What could Congress and clergy learn from us? Start with self-determination. People have a right to determine their own health, faith, and path. When a patient, a parishioner, or a citizen tells you what they want it is our job to respect their choice. If they don’t want a procedure even though it might help them to be healthier we must respect their decision. Congress could learn that the truth is always best even when it isn’t what people want to hear. Don’t spin it. We don’t tell patients that cancer will make them healthier, wealthier, or happier. We don’t give a treatment we know will not make them better, but will likely make them worse and may in fact seriously harm not only them but their family and friends. We don’t refuse to provide care because someone with more money or more power doesn’t want us to do it.

Likewise, if we harm someone we don’t deny it. We make every effort to correct any harm we caused even if it means that we will get sued or have a negative mark on our records. If we are about to do something that will cause discomfort we talk the patient through it and we try to offer as much support as possible. We never take joy in any pain a treatment causes others and we would never tolerate a nurse that intentionally makes a treatment more painful. I’ve never known a nurse that does not consider patient advocacy more important than protecting a peer that made an error. And, we ensure in every state there is a system for anyone to file a complaint or voice a concern and we ensure that it will be taken seriously and the action taken as a result will be public.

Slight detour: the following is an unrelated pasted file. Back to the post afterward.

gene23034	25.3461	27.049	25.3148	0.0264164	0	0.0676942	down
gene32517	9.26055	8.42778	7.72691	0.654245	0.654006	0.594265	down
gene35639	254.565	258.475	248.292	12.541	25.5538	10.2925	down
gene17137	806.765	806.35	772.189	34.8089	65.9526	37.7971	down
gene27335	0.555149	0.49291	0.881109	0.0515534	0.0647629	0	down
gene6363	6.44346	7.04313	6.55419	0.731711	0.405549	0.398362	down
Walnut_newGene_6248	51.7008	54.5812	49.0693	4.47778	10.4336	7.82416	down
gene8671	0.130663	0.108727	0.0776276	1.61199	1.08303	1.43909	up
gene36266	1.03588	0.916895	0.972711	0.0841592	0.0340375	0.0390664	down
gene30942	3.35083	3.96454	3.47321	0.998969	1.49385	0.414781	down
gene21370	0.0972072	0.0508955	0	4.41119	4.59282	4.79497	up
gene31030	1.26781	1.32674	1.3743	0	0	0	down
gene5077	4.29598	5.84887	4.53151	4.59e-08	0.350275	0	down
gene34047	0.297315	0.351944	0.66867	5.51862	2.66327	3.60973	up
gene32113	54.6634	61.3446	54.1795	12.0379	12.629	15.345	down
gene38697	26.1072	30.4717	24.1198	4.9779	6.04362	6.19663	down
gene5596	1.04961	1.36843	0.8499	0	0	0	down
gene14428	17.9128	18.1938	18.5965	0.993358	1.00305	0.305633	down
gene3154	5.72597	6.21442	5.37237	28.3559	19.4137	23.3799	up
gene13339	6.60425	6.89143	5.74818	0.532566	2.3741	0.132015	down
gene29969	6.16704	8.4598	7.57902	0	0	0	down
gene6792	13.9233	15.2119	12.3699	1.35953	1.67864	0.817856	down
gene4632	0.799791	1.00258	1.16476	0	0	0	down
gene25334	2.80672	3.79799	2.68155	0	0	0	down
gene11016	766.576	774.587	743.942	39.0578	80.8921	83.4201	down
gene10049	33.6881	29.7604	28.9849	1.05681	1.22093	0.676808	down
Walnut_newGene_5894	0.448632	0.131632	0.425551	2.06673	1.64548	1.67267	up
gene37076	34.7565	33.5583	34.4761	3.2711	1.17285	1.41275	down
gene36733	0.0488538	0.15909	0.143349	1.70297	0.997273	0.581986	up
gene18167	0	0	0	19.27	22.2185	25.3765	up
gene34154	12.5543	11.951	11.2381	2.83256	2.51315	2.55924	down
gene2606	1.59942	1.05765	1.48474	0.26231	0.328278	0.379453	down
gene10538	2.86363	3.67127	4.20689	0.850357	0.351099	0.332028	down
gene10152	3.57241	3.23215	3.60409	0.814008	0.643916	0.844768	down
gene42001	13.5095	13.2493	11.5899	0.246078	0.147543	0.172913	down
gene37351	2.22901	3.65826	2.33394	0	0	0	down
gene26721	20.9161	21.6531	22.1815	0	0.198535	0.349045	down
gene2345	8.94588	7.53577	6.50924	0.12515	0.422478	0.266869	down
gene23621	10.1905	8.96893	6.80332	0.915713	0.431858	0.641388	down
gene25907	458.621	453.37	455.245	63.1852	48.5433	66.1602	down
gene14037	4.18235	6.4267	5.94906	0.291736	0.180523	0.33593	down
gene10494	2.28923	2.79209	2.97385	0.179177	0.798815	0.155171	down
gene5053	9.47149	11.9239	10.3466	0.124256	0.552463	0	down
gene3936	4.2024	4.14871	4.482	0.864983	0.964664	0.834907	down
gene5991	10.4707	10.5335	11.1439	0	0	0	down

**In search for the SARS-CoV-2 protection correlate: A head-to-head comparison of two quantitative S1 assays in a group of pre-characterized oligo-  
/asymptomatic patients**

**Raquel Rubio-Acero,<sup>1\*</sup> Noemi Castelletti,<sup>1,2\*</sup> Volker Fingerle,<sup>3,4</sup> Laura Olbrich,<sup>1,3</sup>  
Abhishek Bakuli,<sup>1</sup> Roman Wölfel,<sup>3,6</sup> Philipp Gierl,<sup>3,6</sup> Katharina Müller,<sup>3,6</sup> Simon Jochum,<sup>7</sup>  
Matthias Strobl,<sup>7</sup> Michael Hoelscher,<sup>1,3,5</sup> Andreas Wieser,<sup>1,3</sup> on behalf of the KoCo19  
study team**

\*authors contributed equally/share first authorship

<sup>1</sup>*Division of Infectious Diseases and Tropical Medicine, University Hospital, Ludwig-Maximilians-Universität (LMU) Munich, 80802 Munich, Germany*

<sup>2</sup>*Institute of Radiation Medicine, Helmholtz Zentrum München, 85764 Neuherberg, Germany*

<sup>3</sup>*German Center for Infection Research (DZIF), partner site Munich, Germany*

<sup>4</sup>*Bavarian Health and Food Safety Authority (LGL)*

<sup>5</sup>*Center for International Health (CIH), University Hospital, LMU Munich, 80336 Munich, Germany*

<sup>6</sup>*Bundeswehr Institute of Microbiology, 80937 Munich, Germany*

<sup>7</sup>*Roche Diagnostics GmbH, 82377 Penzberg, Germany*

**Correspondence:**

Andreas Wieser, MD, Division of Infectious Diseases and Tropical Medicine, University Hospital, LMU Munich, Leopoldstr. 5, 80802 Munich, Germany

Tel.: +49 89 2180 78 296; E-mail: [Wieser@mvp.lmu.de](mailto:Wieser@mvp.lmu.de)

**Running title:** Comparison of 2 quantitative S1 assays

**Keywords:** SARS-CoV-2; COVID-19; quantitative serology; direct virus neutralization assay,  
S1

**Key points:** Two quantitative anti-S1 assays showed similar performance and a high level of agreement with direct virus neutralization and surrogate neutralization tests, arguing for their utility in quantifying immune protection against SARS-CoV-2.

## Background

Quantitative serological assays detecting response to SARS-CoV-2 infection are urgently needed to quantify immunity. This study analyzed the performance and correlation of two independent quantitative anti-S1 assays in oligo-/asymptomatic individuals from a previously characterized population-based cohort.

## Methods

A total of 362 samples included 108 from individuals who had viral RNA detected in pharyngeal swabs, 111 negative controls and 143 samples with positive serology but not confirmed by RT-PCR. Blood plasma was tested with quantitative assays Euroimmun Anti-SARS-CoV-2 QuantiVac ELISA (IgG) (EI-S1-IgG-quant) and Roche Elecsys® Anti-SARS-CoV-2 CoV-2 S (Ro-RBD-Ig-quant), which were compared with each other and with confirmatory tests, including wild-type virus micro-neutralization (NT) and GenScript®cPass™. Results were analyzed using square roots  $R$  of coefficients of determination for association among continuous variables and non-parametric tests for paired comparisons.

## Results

My suggestions to Congress and clergy is to follow these easy rules:

  • Self-determination is more important than your personal wishes.
  • Tell the truth. People know when you are lying and unfortunately, once you are dishonest most people lose all faith in you and what you represent.
  • All people deserve equal respect and dignity. In case your don’t remember what his means here are some definitions.
    • Definition of equal. 1 a (1): of the same measure, quantity, amount, or number as another. (2): identical in mathematical value or logical denotation: equivalent. b: like in quality, nature, or status. c: like for each member of a group, class, or society.
    • Definition of dignity 1. the quality or state of being worthy, honored, or esteemed.
  • Admit your mistakes and work to rectify them.
  • Transparent and translucent are not the same thing.

It is not our job to force our ethics on others, but to show them our honesty and ethics through our behavior.

 


Don’t Let Wrath and Anger Define St. Louis